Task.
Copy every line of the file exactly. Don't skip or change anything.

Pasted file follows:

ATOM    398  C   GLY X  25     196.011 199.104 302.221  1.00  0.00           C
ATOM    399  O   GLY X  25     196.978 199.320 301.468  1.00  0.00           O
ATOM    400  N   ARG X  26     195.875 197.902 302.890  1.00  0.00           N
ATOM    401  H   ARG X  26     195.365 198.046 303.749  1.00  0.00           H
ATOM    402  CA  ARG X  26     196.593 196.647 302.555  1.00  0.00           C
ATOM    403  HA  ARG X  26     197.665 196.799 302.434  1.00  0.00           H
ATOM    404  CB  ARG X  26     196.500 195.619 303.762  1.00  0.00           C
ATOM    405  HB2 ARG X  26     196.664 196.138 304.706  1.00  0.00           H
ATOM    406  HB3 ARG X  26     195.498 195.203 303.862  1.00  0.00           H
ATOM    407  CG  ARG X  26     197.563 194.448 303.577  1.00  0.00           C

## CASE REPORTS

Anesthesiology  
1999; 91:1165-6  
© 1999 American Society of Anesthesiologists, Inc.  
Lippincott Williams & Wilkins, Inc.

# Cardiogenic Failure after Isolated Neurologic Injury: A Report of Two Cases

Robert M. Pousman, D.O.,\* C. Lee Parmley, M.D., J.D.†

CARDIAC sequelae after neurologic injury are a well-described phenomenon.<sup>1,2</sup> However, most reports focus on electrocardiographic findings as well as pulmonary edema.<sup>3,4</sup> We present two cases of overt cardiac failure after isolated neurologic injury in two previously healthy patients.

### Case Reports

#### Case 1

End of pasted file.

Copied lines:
ATOM    398  C   GLY X  25     196.011 199.104 302.221  1.00  0.00           C
ATOM    399  O   GLY X  25     196.978 199.320 301.468  1.00  0.00           O
ATOM    400  N   ARG X  26     195.875 197.902 302.890  1.00  0.00           N
ATOM    401  H   ARG X  26     195.365 198.046 303.749  1.00  0.00           H
ATOM    402  CA  ARG X  26     196.593 196.647 302.555  1.00  0.00           C
ATOM    403  HA  ARG X  26     197.665 196.799 302.434  1.00  0.00           H
ATOM    404  CB  ARG X  26     196.500 195.619 303.762  1.00  0.00           C
ATOM    405  HB2 ARG X  26     196.664 196.138 304.706  1.00  0.00           H
ATOM    406  HB3 ARG X  26     195.498 195.203 303.862  1.00  0.00           H
ATOM    407  CG  ARG X  26     197.563 194.448 303.577  1.00  0.00           C

## CASE REPORTS

Anesthesiology  
1999; 91:1165-6  
© 1999 American Society of Anesthesiologists, Inc.  
Lippincott Williams & Wilkins, Inc.

# Cardiogenic Failure after Isolated Neurologic Injury: A Report of Two Cases

Robert M. Pousman, D.O.,\* C. Lee Parmley, M.D., J.D.†

CARDIAC sequelae after neurologic injury are a well-described phenomenon.<sup>1,2</sup> However, most reports focus on electrocardiographic findings as well as pulmonary edema.<sup>3,4</sup> We present two cases of overt cardiac failure after isolated neurologic injury in two previously healthy patients.

### Case Reports

#### Case 1